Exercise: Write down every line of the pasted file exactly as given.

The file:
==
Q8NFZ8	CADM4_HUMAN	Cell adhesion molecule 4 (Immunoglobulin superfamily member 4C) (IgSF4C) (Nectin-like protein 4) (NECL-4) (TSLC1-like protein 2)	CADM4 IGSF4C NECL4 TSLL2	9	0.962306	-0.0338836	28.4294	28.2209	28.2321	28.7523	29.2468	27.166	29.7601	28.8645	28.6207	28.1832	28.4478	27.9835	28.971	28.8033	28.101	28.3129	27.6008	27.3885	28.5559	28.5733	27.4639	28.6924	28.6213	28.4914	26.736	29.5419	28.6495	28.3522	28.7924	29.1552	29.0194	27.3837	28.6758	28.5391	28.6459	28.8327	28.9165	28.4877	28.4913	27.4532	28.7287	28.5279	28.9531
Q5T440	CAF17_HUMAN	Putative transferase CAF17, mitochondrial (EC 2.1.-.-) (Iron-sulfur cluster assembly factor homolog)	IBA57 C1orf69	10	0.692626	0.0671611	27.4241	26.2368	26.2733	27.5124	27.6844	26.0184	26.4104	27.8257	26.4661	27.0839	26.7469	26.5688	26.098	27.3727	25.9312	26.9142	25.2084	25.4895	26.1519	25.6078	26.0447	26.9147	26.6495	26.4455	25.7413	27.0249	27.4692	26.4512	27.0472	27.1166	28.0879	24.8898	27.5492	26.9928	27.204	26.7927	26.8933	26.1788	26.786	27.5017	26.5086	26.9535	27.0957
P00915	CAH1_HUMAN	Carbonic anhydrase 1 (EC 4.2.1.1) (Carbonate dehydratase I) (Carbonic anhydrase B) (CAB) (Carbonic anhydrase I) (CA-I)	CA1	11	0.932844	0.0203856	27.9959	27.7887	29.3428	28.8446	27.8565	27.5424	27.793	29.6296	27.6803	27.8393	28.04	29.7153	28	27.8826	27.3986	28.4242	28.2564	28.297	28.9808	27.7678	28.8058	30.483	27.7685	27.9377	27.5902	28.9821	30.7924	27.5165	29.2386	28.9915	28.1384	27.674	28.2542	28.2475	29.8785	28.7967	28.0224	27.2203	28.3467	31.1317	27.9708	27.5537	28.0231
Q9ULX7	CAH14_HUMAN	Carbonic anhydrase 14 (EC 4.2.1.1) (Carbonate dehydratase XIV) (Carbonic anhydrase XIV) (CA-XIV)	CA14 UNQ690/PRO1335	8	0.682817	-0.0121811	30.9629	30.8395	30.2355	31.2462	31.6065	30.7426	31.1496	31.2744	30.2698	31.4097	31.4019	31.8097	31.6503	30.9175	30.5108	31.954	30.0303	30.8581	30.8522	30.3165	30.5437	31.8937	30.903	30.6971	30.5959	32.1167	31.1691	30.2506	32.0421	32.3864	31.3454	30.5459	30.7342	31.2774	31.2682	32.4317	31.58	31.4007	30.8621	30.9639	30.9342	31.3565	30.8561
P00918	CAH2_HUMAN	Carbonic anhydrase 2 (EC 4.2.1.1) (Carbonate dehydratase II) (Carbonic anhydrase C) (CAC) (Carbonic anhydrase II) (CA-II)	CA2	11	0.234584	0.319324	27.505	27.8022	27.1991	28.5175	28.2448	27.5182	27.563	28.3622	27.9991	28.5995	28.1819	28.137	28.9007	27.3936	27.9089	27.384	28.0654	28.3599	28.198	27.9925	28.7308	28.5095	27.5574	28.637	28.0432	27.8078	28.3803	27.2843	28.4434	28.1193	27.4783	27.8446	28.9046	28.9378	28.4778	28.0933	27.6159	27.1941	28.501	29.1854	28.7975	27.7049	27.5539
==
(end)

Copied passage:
Q8NFZ8	CADM4_HUMAN	Cell adhesion molecule 4 (Immunoglobulin superfamily member 4C) (IgSF4C) (Nectin-like protein 4) (NECL-4) (TSLC1-like protein 2)	CADM4 IGSF4C NECL4 TSLL2	9	0.962306	-0.0338836	28.4294	28.2209	28.2321	28.7523	29.2468	27.166	29.7601	28.8645	28.6207	28.1832	28.4478	27.9835	28.971	28.8033	28.101	28.3129	27.6008	27.3885	28.5559	28.5733	27.4639	28.6924	28.6213	28.4914	26.736	29.5419	28.6495	28.3522	28.7924	29.1552	29.0194	27.3837	28.6758	28.5391	28.6459	28.8327	28.9165	28.4877	28.4913	27.4532	28.7287	28.5279	28.9531
Q5T440	CAF17_HUMAN	Putative transferase CAF17, mitochondrial (EC 2.1.-.-) (Iron-sulfur cluster assembly factor homolog)	IBA57 C1orf69	10	0.692626	0.0671611	27.4241	26.2368	26.2733	27.5124	27.6844	26.0184	26.4104	27.8257	26.4661	27.0839	26.7469	26.5688	26.098	27.3727	25.9312	26.9142	25.2084	25.4895	26.1519	25.6078	26.0447	26.9147	26.6495	26.4455	25.7413	27.0249	27.4692	26.4512	27.0472	27.1166	28.0879	24.8898	27.5492	26.9928	27.204	26.7927	26.8933	26.1788	26.786	27.5017	26.5086	26.9535	27.0957
P00915	CAH1_HUMAN	Carbonic anhydrase 1 (EC 4.2.1.1) (Carbonate dehydratase I) (Carbonic anhydrase B) (CAB) (Carbonic anhydrase I) (CA-I)	CA1	11	0.932844	0.0203856	27.9959	27.7887	29.3428	28.8446	27.8565	27.5424	27.793	29.6296	27.6803	27.8393	28.04	29.7153	28	27.8826	27.3986	28.4242	28.2564	28.297	28.9808	27.7678	28.8058	30.483	27.7685	27.9377	27.5902	28.9821	30.7924	27.5165	29.2386	28.9915	28.1384	27.674	28.2542	28.2475	29.8785	28.7967	28.0224	27.2203	28.3467	31.1317	27.9708	27.5537	28.0231
Q9ULX7	CAH14_HUMAN	Carbonic anhydrase 14 (EC 4.2.1.1) (Carbonate dehydratase XIV) (Carbonic anhydrase XIV) (CA-XIV)	CA14 UNQ690/PRO1335	8	0.682817	-0.0121811	30.9629	30.8395	30.2355	31.2462	31.6065	30.7426	31.1496	31.2744	30.2698	31.4097	31.4019	31.8097	31.6503	30.9175	30.5108	31.954	30.0303	30.8581	30.8522	30.3165	30.5437	31.8937	30.903	30.6971	30.5959	32.1167	31.1691	30.2506	32.0421	32.3864	31.3454	30.5459	30.7342	31.2774	31.2682	32.4317	31.58	31.4007	30.8621	30.9639	30.9342	31.3565	30.8561
P00918	CAH2_HUMAN	Carbonic anhydrase 2 (EC 4.2.1.1) (Carbonate dehydratase II) (Carbonic anhydrase C) (CAC) (Carbonic anhydrase II) (CA-II)	CA2	11	0.234584	0.319324	27.505	27.8022	27.1991	28.5175	28.2448	27.5182	27.563	28.3622	27.9991	28.5995	28.1819	28.137	28.9007	27.3936	27.9089	27.384	28.0654	28.3599	28.198	27.9925	28.7308	28.5095	27.5574	28.637	28.0432	27.8078	28.3803	27.2843	28.4434	28.1193	27.4783	27.8446	28.9046	28.9378	28.4778	28.0933	27.6159	27.1941	28.501	29.1854	28.7975	27.7049	27.5539